A tense climate that favors the emergence of services, such as Gettr, which proudly claims to let its users say it all, for the benefit of the American far right. The historic players on their side undoubtedly regret not having taken these Cornelia issues seriously before. They will now have to tackle it more energetically, while focusing on two major technological breakthroughs that are emerging in the sector.

The first is blockchain, which has made a sensational entry into the financial sphere. Although the sector is currently experiencing a difficult time, cryptocurrencies and NFTs are opening up new, more decentralized social networks where internet users can monetize their content (videos, photos, etc.), each having a small piece of ownership of the service and jointly decide on its operating rules. “The most important contribution from decentralized social networks is the removal of opaque user profiling techniques aimed at advertisers,” concludes Hugo Bordet of Adan, Association for the Development of Digital Assets.

Historical players see this bubbling of ideas with as much interest as concern, for what is called Web3 actually questions their entire model. They therefore experiment carefully with it (Instagram tests NFTs in the US) to see how to exploit it without sawing off the branch on which they sit comfortably. The second shift taking shape in the sector is the meta-verse, which “will move from a flat 2D experience to a much richer 3D world,” explains Neil Mawston. Mark Zuckerberg’s group is investing fortunes in it and strengthened its equipment in 2014 by buying Oculus. The metaverse war, however, is far from won for him.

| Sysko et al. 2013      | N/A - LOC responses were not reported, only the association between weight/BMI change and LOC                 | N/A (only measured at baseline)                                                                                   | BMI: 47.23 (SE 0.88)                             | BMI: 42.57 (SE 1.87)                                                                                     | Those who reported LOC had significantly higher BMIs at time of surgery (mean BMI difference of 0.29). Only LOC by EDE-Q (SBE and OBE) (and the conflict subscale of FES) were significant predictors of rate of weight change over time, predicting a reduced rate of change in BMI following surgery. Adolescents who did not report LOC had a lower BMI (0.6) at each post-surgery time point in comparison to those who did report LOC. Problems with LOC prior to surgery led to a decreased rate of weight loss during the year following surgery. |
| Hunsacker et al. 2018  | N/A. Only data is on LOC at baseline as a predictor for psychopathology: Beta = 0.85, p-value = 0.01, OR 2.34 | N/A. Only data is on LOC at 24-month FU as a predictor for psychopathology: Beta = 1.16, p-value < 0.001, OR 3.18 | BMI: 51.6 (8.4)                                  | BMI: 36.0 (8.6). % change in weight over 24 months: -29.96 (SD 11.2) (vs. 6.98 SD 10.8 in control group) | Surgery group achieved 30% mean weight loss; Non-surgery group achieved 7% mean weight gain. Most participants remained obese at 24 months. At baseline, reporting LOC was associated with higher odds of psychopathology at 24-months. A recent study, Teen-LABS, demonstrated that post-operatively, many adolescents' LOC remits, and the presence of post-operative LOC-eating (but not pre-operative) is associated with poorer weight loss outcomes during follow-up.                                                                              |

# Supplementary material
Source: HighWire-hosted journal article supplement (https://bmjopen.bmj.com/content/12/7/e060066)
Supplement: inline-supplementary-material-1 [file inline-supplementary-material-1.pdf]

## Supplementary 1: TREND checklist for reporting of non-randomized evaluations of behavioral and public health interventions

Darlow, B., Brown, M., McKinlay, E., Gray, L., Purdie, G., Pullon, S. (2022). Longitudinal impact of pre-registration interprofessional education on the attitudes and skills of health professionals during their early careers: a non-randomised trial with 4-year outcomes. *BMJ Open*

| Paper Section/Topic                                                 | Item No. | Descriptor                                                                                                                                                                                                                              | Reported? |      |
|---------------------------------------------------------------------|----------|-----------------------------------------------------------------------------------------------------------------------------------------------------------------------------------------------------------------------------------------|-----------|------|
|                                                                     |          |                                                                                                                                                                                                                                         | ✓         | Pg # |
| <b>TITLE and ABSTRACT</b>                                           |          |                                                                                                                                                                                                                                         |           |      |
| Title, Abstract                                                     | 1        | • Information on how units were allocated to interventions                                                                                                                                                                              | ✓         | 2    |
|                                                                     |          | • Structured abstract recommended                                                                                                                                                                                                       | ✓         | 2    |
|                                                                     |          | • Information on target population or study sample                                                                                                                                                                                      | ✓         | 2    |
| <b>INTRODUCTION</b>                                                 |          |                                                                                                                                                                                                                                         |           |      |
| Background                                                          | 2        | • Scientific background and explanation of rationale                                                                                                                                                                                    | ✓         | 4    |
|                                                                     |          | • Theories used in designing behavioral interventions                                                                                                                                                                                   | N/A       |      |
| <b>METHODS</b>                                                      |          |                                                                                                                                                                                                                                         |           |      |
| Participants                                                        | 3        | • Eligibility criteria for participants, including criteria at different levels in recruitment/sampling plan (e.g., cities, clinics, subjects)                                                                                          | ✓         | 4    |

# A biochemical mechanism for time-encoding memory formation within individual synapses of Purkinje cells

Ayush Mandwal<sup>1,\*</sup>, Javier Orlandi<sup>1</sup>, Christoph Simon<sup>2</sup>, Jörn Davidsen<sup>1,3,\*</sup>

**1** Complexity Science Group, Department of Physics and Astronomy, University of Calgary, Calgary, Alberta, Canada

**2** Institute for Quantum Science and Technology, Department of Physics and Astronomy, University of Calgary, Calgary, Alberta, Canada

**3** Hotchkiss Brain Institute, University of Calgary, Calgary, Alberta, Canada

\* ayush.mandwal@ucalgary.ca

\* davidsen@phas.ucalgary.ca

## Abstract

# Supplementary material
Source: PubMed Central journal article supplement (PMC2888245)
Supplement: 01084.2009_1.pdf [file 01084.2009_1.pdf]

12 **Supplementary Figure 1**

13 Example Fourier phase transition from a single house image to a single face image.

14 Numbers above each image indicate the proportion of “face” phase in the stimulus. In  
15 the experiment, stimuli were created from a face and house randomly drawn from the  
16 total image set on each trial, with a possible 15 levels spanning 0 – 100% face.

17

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Of course, social media has always been quicksand (China’s TikTok surprised everyone by abolishing the virtual monopoly on American networks around the world). But in the metaverse, the competition will come from entirely new fronts: the sphere of technology builders and the world of video games. To succeed in the metaverse, it will actually require three handles: a large community of users, helmets and goggles that allow for successful immersion, and the ability to create captivating virtual environments. A hardware pro like Microsoft, who gets his fingers in the community of an Activision Blizzard and its developers’ expertise in artificial worlds, is therefore enough to give Zuckerberg cold sweat. Not to mention Apple, which is in ambush and will soon be drawing its virtual reality headset. The game of turning everything upside down in social networks has only just begun.